Indonesia’s military chief says Jakarta is looking to establish joint patrols with the Philippines and Malaysia for protection against Islamic State. It comes as the military said there are terrorists’ sleeper cells all over Indonesia.
The patrols will be protecting the Indonesian territorial waters.
Indonesia’s military chief, General Gatot Nurmantyo, said that he and Defense Minister Ryamizard Ryacudu are set to discuss the matter next week with their counterparts from Malaysia and the Philippines.
The meeting will take place on Tarakan Island, Indonesia, and will include signing an agreement to step up joint patrols.
A number of Southeast Asian states are on high alert since an Islamic State (IS, formerly ISIS/ISIL)-affiliated group attempted to seize the city of Marawi in the southern Philippines.
On Tuesday, the Philippines’ military declared that the terrorists were still in control of 20 percent of the city.
Chief of Staff of the Armed Forces of the Philippines (AFP) Eduardo Año told the Manila Times that the three top terrorists of the Maute Group aimed at seizing Marawi on the first day of Ramadan, planning to kill “many” non-Muslims and create an Islamic caliphate. However, they failed, and the battles with local military have already left nearly 200 terrorists dead, according to the paper.
Nevertheless, the Indonesian military chief urged everyone to be careful and on guard.
“It's easy to jump from Marawi to Indonesia and we must all beware of sleeper cells being activated in Indonesia,” Nurmantyo told journalists in Jakarta, as cited by Reuters.
“If the Philippines wins, Indonesia would get a spill-over effect from the retreating militants, but if the Philippines loses, Mindanao [the island where Marawi is located] would be a strong regional ISIS base that threatens Indonesia among others,” another high-ranking serviceman, Army major general Ganip Warsito who monitors the areas closest to the Philippines’ border, told reporters, as cited by AP.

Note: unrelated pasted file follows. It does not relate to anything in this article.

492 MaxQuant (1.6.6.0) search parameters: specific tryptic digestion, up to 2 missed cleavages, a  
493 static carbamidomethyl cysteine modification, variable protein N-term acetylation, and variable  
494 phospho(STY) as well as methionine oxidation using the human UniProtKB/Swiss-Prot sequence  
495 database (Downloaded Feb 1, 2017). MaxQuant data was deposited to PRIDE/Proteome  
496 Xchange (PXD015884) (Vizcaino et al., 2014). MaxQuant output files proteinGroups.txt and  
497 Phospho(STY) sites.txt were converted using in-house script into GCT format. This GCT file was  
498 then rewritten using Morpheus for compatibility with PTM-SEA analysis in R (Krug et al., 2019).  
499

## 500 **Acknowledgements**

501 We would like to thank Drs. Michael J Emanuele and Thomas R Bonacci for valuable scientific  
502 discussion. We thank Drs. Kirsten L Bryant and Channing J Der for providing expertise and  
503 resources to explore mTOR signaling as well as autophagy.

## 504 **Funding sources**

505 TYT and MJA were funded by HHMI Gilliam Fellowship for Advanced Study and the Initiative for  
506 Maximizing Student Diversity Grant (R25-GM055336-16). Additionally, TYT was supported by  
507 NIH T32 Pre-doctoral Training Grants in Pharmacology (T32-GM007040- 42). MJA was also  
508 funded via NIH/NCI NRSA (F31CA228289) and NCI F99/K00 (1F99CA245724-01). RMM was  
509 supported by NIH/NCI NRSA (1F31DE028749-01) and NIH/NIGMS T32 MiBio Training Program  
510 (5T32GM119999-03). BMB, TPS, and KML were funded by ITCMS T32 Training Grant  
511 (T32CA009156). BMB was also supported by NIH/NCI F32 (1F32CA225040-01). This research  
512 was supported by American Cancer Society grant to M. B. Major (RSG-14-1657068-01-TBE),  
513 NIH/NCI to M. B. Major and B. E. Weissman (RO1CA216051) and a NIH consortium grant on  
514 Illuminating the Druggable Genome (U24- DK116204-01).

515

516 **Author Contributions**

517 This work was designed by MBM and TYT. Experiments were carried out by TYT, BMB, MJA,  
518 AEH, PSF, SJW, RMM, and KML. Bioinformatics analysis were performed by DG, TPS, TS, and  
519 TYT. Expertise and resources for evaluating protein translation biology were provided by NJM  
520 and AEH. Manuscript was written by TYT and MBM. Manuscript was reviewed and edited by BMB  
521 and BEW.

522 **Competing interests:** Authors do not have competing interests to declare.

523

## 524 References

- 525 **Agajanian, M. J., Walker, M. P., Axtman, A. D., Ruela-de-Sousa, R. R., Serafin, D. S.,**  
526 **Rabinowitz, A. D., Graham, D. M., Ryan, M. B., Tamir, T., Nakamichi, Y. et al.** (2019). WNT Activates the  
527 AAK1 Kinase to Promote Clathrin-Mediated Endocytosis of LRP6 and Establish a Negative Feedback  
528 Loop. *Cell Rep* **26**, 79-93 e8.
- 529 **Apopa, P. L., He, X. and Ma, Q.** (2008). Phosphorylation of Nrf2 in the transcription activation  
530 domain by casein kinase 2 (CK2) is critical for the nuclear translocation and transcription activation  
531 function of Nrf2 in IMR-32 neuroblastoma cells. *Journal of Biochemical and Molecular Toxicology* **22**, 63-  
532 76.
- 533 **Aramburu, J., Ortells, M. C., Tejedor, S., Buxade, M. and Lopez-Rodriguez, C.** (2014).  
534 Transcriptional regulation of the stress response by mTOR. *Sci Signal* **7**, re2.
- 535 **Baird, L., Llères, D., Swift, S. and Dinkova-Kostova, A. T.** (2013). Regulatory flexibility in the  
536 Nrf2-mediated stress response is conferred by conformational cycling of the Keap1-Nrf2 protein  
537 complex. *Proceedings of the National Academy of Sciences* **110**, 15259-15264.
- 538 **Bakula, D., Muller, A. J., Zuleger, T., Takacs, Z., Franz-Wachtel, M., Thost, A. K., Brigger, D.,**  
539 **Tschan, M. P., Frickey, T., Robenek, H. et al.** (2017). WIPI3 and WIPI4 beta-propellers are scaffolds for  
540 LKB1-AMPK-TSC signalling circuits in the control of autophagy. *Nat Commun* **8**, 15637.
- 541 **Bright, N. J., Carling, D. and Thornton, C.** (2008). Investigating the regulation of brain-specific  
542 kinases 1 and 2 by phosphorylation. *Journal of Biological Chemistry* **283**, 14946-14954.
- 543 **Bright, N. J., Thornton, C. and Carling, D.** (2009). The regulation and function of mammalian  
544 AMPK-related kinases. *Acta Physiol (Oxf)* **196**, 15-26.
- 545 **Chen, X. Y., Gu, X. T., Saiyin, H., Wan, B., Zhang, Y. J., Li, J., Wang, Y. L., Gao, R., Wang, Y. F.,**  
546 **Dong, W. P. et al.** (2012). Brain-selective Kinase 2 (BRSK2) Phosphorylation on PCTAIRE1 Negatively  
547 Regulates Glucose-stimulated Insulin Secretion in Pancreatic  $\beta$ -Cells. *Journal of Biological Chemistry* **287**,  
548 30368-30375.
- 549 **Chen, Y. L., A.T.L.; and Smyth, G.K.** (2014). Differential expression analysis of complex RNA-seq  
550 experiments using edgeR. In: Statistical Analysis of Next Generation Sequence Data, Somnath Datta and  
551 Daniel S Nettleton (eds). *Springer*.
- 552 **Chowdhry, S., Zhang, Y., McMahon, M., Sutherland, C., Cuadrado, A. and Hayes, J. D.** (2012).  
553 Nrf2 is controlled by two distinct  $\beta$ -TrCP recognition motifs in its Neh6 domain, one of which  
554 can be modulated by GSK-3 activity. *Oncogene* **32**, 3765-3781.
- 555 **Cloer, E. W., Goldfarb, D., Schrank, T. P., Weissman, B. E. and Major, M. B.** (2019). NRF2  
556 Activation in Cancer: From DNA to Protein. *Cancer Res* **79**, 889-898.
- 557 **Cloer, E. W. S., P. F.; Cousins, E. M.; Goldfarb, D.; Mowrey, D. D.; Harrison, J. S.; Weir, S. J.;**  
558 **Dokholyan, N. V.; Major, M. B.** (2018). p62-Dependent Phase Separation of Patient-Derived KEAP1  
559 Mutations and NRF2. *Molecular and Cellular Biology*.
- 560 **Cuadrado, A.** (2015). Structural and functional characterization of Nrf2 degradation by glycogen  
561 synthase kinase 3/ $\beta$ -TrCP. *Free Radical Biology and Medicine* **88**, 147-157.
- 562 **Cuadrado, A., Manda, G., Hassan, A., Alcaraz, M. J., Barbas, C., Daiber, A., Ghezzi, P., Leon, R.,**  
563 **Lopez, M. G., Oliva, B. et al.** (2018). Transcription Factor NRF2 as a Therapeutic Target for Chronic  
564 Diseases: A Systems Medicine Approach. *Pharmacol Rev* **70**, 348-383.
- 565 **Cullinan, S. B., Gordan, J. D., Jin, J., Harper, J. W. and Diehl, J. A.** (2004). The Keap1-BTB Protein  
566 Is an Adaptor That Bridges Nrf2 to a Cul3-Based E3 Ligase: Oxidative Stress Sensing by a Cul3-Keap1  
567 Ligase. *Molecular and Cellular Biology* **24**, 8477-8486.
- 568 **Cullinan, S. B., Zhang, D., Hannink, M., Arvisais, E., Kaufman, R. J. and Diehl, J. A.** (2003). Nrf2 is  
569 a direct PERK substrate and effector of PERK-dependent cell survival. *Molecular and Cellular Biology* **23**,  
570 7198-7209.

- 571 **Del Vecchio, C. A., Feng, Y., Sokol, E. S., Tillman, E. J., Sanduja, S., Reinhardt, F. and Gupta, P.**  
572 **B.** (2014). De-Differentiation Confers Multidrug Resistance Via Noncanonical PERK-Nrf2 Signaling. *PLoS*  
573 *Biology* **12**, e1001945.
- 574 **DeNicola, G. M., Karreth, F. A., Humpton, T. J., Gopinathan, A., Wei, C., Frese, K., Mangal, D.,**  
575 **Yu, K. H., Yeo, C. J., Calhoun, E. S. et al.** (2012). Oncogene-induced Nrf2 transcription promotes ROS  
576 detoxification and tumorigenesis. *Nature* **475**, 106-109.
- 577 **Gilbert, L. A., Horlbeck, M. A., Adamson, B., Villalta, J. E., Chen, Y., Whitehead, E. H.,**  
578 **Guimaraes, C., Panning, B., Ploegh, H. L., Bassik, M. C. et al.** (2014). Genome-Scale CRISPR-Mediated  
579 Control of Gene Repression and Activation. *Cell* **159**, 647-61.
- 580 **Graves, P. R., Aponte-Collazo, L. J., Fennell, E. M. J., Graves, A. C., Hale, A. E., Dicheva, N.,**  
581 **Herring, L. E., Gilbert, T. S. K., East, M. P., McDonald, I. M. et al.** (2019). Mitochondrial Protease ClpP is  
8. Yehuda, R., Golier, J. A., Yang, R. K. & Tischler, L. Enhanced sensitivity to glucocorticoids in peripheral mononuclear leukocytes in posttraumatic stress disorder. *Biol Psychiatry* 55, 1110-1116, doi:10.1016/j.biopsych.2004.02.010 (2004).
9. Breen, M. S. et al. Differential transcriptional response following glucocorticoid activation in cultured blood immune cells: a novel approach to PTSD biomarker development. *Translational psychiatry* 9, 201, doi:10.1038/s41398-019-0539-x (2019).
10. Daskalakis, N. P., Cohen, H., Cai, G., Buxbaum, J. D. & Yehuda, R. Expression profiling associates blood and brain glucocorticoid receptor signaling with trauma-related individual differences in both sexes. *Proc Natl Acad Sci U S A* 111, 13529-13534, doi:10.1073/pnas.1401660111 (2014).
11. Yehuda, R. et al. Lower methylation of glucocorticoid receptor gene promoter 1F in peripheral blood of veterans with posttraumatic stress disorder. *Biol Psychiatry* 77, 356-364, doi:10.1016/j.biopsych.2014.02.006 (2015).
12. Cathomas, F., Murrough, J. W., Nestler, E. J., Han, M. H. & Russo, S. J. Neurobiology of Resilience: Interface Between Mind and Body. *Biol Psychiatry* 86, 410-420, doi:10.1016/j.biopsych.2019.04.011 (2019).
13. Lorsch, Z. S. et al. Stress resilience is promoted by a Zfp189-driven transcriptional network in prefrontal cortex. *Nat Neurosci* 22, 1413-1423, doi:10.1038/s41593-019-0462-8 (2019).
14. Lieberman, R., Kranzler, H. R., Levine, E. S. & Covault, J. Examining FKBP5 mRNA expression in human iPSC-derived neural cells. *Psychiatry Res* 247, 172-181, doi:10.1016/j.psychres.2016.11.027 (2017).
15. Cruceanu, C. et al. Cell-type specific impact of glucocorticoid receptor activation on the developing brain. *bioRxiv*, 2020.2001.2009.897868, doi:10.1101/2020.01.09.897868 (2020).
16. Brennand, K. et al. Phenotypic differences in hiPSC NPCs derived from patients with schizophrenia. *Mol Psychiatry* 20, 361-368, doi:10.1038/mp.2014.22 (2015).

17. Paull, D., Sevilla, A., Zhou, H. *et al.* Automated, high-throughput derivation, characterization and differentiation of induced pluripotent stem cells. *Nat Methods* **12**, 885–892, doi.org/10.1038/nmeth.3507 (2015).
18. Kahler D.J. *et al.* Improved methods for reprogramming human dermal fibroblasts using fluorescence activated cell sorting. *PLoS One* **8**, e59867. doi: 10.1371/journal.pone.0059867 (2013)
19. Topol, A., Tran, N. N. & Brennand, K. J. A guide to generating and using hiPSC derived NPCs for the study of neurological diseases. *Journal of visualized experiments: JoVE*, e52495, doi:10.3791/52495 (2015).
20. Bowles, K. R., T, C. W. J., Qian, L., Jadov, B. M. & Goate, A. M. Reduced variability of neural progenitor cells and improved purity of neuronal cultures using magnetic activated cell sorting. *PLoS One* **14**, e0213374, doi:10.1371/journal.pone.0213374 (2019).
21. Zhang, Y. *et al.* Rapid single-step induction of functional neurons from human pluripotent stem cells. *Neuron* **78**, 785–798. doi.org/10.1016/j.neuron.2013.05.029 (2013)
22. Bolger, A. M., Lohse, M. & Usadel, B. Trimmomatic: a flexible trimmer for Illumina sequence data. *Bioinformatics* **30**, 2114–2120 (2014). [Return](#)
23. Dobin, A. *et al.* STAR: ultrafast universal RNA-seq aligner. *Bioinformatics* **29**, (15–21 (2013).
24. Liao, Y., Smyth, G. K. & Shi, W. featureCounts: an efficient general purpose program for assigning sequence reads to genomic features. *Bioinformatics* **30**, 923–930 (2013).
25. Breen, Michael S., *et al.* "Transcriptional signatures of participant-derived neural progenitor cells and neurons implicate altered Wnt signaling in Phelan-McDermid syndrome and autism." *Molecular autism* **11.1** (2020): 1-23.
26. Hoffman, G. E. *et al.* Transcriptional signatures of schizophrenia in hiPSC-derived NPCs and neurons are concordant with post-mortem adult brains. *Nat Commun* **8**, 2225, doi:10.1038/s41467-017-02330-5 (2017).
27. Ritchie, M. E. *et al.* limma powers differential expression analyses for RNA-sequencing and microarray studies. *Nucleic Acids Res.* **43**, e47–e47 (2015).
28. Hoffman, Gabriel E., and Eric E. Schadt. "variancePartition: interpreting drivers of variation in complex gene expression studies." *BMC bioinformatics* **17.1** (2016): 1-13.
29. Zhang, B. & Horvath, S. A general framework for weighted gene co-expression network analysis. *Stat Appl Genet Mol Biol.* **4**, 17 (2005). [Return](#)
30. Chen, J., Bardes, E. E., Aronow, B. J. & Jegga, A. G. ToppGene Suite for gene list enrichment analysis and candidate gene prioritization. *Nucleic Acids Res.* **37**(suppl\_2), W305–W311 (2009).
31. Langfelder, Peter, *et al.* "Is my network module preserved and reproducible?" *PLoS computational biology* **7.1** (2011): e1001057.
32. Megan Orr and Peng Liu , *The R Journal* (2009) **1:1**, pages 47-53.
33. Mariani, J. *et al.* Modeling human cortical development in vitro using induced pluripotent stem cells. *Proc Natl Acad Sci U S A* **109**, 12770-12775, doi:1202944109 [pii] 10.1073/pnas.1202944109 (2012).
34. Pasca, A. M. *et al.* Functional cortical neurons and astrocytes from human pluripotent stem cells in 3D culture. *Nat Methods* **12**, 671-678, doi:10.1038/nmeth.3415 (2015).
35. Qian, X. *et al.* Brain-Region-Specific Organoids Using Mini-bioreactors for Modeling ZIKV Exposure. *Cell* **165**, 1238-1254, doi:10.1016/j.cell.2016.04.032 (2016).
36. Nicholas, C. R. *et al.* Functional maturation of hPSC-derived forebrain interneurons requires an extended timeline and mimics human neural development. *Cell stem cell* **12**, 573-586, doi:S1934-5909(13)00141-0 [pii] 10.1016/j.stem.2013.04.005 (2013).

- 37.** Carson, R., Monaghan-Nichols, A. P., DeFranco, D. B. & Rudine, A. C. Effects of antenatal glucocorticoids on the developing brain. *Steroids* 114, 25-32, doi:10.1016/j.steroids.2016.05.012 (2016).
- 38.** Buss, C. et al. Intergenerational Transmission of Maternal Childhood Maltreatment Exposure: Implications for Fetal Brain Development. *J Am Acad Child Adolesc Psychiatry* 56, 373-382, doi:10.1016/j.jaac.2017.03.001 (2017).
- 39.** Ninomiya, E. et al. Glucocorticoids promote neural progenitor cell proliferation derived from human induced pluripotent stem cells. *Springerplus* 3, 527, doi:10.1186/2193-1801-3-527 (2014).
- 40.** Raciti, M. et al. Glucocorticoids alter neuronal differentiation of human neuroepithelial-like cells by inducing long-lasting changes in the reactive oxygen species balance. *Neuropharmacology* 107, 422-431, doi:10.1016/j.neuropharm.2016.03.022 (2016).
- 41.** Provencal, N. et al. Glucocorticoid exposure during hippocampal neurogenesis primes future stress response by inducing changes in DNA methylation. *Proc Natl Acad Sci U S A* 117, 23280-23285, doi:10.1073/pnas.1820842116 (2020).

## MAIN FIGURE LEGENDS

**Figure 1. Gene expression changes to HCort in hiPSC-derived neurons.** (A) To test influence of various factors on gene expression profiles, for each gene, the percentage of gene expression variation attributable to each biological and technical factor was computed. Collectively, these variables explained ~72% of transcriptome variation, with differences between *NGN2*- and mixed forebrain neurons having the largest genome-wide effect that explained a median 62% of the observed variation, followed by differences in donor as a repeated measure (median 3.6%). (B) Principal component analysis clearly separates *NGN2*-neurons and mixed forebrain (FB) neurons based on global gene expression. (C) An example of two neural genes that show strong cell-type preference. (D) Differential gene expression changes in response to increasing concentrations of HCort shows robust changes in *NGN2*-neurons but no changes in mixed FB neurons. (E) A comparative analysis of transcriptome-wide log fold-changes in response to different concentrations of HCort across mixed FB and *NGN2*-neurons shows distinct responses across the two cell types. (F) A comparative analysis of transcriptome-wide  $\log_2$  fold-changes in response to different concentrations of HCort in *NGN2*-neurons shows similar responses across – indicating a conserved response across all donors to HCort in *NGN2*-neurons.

‘ISIS sleeper cells in almost all Indonesian provinces’
IS sleeper cells are present in almost every province across Indonesia, which is home to over 12 percent of the world's Muslims, according to Nurmantyo.
“After observation, we see that in almost every province there are already IS cells, but they are sleeper cells,” he said.
However, the danger is that those sleeper cells “can easily join up with other radical cells,” he added, saying that the predominantly-Christian province of Papua has no IS presence.
Indonesia, the Philippines and Malaysia aren’t the only ones alarmed. On Monday, Singapore said it had arrested a female assistant-childcare worker who was going to join IS. She has become the first woman to be detained on such charges in the island state.
It was only in 2016 that the IS-linked terrorist attack hit the region, with four deaths after gun-and-bomb violence in Jakarta. Since then, there have been a series of minor attacks in Indonesia. The latest, a twin suicide bombing at a Jakarta bus station in May, left three policemen dead.